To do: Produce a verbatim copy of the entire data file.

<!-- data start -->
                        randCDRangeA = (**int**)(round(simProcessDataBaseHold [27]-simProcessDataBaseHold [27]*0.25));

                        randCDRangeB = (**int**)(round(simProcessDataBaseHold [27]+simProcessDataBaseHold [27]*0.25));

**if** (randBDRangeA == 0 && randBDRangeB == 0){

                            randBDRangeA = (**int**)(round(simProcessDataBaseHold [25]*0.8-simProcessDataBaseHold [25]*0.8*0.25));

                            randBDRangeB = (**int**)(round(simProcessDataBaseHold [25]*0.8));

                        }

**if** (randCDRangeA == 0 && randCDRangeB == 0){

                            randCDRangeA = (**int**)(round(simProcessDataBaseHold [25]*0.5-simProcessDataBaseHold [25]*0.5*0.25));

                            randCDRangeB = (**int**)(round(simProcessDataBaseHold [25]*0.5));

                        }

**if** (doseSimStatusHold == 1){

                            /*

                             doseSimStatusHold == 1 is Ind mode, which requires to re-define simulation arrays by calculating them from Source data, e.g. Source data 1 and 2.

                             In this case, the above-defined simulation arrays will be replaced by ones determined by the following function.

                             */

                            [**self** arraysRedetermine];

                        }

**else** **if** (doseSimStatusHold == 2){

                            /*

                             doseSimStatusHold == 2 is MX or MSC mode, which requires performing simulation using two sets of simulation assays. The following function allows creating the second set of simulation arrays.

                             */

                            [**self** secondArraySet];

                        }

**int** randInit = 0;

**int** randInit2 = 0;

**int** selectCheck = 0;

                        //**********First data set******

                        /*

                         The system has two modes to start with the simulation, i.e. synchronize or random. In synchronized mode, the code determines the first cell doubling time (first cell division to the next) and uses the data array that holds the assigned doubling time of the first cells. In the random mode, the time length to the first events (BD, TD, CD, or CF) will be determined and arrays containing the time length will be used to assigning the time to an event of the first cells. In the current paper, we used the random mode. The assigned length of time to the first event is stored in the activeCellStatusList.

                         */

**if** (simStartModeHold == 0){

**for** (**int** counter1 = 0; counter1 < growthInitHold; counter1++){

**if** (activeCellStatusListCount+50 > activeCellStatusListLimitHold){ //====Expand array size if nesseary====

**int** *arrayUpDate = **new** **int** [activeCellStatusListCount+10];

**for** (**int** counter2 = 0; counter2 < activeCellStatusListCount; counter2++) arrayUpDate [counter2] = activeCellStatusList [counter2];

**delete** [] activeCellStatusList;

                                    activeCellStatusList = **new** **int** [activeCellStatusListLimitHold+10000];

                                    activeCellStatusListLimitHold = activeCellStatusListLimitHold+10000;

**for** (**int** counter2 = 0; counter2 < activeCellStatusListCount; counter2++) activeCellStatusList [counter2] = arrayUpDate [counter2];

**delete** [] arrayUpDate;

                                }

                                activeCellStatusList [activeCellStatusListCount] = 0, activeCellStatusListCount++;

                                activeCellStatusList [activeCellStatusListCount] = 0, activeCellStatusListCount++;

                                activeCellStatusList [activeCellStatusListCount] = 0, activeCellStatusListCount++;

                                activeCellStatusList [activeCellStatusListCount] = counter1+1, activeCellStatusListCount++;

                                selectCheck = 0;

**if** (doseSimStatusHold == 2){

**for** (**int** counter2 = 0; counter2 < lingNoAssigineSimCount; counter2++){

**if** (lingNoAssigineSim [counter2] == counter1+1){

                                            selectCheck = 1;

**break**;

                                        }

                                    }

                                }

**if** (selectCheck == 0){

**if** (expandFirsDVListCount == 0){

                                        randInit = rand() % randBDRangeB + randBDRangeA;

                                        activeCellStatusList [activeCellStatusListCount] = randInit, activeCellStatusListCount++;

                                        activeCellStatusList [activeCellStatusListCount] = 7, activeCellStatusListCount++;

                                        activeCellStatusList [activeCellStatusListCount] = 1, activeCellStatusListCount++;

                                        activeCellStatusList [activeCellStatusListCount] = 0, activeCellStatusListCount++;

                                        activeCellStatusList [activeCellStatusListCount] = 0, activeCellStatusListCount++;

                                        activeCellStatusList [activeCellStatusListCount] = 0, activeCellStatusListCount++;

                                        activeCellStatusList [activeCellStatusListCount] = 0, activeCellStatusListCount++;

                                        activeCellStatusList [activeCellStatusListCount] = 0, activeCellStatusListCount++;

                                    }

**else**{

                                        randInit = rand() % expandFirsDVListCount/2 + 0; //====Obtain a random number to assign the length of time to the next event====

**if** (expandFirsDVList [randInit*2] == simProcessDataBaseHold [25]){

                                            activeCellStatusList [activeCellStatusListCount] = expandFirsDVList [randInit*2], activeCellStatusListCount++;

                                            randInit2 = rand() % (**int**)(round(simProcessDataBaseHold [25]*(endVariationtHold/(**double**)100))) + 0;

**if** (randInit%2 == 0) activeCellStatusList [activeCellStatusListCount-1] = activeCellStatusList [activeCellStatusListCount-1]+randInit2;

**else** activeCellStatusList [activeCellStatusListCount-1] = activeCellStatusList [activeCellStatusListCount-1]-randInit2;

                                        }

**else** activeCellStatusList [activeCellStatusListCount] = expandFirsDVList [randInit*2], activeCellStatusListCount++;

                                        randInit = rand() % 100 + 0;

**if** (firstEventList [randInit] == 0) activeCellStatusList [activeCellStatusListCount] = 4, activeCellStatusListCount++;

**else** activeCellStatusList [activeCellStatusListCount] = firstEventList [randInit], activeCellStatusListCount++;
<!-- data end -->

                        randCDRangeA = (**int**)(round(simProcessDataBaseHold [27]-simProcessDataBaseHold [27]*0.25));

                        randCDRangeB = (**int**)(round(simProcessDataBaseHold [27]+simProcessDataBaseHold [27]*0.25));

**if** (randBDRangeA == 0 && randBDRangeB == 0){

                            randBDRangeA = (**int**)(round(simProcessDataBaseHold [25]*0.8-simProcessDataBaseHold [25]*0.8*0.25));

                            randBDRangeB = (**int**)(round(simProcessDataBaseHold [25]*0.8));

                        }

**if** (randCDRangeA == 0 && randCDRangeB == 0){

                            randCDRangeA = (**int**)(round(simProcessDataBaseHold [25]*0.5-simProcessDataBaseHold [25]*0.5*0.25));

                            randCDRangeB = (**int**)(round(simProcessDataBaseHold [25]*0.5));

                        }

**if** (doseSimStatusHold == 1){

                            /*

                             doseSimStatusHold == 1 is Ind mode, which requires to re-define simulation arrays by calculating them from Source data, e.g. Source data 1 and 2.

                             In this case, the above-defined simulation arrays will be replaced by ones determined by the following function.

                             */

                            [**self** arraysRedetermine];

                        }

**else** **if** (doseSimStatusHold == 2){

                            /*

                             doseSimStatusHold == 2 is MX or MSC mode, which requires performing simulation using two sets of simulation assays. The following function allows creating the second set of simulation arrays.

                             */

                            [**self** secondArraySet];

                        }

**int** randInit = 0;

**int** randInit2 = 0;

**int** selectCheck = 0;

                        //**********First data set******

                        /*

                         The system has two modes to start with the simulation, i.e. synchronize or random. In synchronized mode, the code determines the first cell doubling time (first cell division to the next) and uses the data array that holds the assigned doubling time of the first cells. In the random mode, the time length to the first events (BD, TD, CD, or CF) will be determined and arrays containing the time length will be used to assigning the time to an event of the first cells. In the current paper, we used the random mode. The assigned length of time to the first event is stored in the activeCellStatusList.

                         */

**if** (simStartModeHold == 0){

**for** (**int** counter1 = 0; counter1 < growthInitHold; counter1++){

**if** (activeCellStatusListCount+50 > activeCellStatusListLimitHold){ //====Expand array size if nesseary====

**int** *arrayUpDate = **new** **int** [activeCellStatusListCount+10];

**for** (**int** counter2 = 0; counter2 < activeCellStatusListCount; counter2++) arrayUpDate [counter2] = activeCellStatusList [counter2];

**delete** [] activeCellStatusList;

                                    activeCellStatusList = **new** **int** [activeCellStatusListLimitHold+10000];

                                    activeCellStatusListLimitHold = activeCellStatusListLimitHold+10000;

**for** (**int** counter2 = 0; counter2 < activeCellStatusListCount; counter2++) activeCellStatusList [counter2] = arrayUpDate [counter2];

**delete** [] arrayUpDate;

                                }

                                activeCellStatusList [activeCellStatusListCount] = 0, activeCellStatusListCount++;

                                activeCellStatusList [activeCellStatusListCount] = 0, activeCellStatusListCount++;

                                activeCellStatusList [activeCellStatusListCount] = 0, activeCellStatusListCount++;

                                activeCellStatusList [activeCellStatusListCount] = counter1+1, activeCellStatusListCount++;

                                selectCheck = 0;

**if** (doseSimStatusHold == 2){

**for** (**int** counter2 = 0; counter2 < lingNoAssigineSimCount; counter2++){

**if** (lingNoAssigineSim [counter2] == counter1+1){

                                            selectCheck = 1;

**break**;

                                        }

                                    }

                                }

**if** (selectCheck == 0){

**if** (expandFirsDVListCount == 0){

                                        randInit = rand() % randBDRangeB + randBDRangeA;

                                        activeCellStatusList [activeCellStatusListCount] = randInit, activeCellStatusListCount++;

                                        activeCellStatusList [activeCellStatusListCount] = 7, activeCellStatusListCount++;

                                        activeCellStatusList [activeCellStatusListCount] = 1, activeCellStatusListCount++;

                                        activeCellStatusList [activeCellStatusListCount] = 0, activeCellStatusListCount++;

                                        activeCellStatusList [activeCellStatusListCount] = 0, activeCellStatusListCount++;

                                        activeCellStatusList [activeCellStatusListCount] = 0, activeCellStatusListCount++;

                                        activeCellStatusList [activeCellStatusListCount] = 0, activeCellStatusListCount++;

                                        activeCellStatusList [activeCellStatusListCount] = 0, activeCellStatusListCount++;

                                    }

**else**{

                                        randInit = rand() % expandFirsDVListCount/2 + 0; //====Obtain a random number to assign the length of time to the next event====

**if** (expandFirsDVList [randInit*2] == simProcessDataBaseHold [25]){

                                            activeCellStatusList [activeCellStatusListCount] = expandFirsDVList [randInit*2], activeCellStatusListCount++;

                                            randInit2 = rand() % (**int**)(round(simProcessDataBaseHold [25]*(endVariationtHold/(**double**)100))) + 0;

**if** (randInit%2 == 0) activeCellStatusList [activeCellStatusListCount-1] = activeCellStatusList [activeCellStatusListCount-1]+randInit2;

**else** activeCellStatusList [activeCellStatusListCount-1] = activeCellStatusList [activeCellStatusListCount-1]-randInit2;

                                        }

**else** activeCellStatusList [activeCellStatusListCount] = expandFirsDVList [randInit*2], activeCellStatusListCount++;

                                        randInit = rand() % 100 + 0;

**if** (firstEventList [randInit] == 0) activeCellStatusList [activeCellStatusListCount] = 4, activeCellStatusListCount++;

**else** activeCellStatusList [activeCellStatusListCount] = firstEventList [randInit], activeCellStatusListCount++;